Compound Interest and Rule of 72

Understanding Compound Interest

One of the fundamental money concepts is Interest.

Interest, to give a very basic example, is often a “price” that is paid to borrow money. Compound interest is when interest is added to the starting amount, or principal, so that the interest that has been added also earns interest.

With compound interest, you earn interest on the money you save and on the interest that money earns. Over time, even a small amount saved can add up to big money. Whether you realize it or not, the concept of interest is a big part of your financial life because the possibility of earning interest is why people lend and borrow money.

What Does This Mean?

Your money can work for you when “your money earns money”. When your money goes to work, it may earn a steady paycheck. Someone pays you to use your money for a period of time. When you get your money back, you get it back plus “interest.” Your money can make an “income,” just like you. You can make more money when you and your money work.

The Rule of 72

The Rule of 72 is a mathematical formula used to estimate the amount of time it would take for an amount to double using Compound Interest.

This formula is very useful because it helps you estimate how much time you need and what kind of interest rate you need to reach your financial goals.

The Rule of 72 Formula: Divide The Interest % Into 72 To Estimate The Number Of Years To Double Your Principal*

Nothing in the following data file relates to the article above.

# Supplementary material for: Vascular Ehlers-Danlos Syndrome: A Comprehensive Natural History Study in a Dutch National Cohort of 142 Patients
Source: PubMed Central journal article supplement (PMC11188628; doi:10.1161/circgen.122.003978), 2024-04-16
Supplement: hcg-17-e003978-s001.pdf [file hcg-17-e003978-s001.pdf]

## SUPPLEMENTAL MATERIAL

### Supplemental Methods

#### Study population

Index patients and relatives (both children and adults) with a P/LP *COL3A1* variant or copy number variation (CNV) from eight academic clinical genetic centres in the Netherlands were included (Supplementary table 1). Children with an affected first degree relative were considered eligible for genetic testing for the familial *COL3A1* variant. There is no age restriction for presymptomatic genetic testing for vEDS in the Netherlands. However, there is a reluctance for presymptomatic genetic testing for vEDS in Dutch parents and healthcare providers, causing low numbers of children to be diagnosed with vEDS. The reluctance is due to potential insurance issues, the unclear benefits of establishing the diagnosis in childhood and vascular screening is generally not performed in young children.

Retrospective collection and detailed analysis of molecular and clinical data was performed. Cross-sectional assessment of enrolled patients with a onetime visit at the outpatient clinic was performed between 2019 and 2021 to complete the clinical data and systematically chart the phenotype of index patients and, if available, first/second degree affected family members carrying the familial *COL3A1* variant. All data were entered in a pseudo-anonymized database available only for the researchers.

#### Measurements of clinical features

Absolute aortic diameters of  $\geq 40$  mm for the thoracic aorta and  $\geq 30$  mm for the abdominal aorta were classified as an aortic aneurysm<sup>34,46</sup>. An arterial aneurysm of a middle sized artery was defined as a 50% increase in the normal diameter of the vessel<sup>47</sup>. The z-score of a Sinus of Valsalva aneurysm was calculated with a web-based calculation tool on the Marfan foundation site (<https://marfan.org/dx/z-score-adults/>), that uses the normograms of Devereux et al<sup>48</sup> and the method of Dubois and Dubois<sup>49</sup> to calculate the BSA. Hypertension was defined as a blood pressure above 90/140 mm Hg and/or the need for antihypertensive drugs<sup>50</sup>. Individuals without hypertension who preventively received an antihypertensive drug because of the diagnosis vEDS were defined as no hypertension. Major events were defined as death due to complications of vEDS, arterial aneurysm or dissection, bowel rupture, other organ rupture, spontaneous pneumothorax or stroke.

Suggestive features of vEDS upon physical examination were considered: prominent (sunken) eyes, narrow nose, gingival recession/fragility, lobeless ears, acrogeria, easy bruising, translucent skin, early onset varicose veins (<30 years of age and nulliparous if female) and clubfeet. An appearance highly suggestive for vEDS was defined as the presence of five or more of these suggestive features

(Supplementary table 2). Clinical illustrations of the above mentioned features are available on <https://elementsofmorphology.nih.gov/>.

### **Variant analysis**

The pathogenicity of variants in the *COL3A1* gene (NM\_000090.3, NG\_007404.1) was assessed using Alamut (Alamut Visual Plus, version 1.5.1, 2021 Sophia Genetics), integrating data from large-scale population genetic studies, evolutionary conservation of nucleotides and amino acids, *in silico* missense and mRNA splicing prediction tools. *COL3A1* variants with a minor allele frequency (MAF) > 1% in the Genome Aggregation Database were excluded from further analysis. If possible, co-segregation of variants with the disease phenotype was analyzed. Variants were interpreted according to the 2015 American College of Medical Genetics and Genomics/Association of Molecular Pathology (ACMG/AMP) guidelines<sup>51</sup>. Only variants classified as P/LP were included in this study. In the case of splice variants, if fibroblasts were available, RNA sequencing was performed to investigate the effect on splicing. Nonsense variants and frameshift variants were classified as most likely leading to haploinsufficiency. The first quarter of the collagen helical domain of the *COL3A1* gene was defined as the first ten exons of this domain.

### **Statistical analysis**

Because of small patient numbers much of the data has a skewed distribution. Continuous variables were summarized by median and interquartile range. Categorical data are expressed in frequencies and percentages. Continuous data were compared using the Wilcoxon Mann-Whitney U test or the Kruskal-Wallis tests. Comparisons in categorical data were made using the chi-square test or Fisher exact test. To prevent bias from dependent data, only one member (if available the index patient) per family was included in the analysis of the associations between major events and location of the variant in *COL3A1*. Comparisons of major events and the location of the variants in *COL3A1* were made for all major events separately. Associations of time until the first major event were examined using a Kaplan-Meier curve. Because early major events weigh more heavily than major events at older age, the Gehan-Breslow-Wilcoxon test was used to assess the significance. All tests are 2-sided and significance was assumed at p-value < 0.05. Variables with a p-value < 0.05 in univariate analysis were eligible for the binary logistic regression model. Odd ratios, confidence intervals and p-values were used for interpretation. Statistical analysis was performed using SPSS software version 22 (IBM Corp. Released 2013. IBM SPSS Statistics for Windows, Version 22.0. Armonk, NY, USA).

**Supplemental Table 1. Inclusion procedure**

Your Money Working For You

This example shows how compound interest can work in your favor by doubling your money after a certain number of years depending on the interest rate you are earning on your principal.

We can use the Rule of 72 to calculate the amount of time required.

72 / 4% = 18 Years To Double

72 / 8% = 9 Years To Double

All figures are for illustrative purposes only.

*This is a hypothetical scenario used for illustrative purposes and does not reflect the results of any specific investment. The actual time it will take an investment to double in value cannot be predicted with absolute certainty because performance of investments fluctuate over time.

Compound Interest Can Work Against You

Just like you can earn interest on money you have, banks and other financial institutions lend you money to earn interest.

Here is an example of how compound interest works against you.

Credit Card Debt

If You Have A $3,000 Credit Card Balance At A 19% Annual Interest Rate, And You Only Pay The Required Minimum Balance Of 2%…

How Many Years To Pay Off The Card?

At Least 30 Years**

How Many Payments?

Over 720 Payments**

How Much Will You Pay In Interest?

More than $8,500 in interest alone**

All figures are for illustrative purposes only.

**Source: Credit Card Repayment Calculator, available at

Read More About Money Concepts

Find out why it is crucial to counteract the effects of inflation.

Please note: The material on this website is intended for informational purposes only. Neither Syncis, LLC nor its affiliate companies authorize its agents, employees or representatives to give legal, tax or accounting advice. Please consult the appropriate professional for legal, tax, or accounting advice.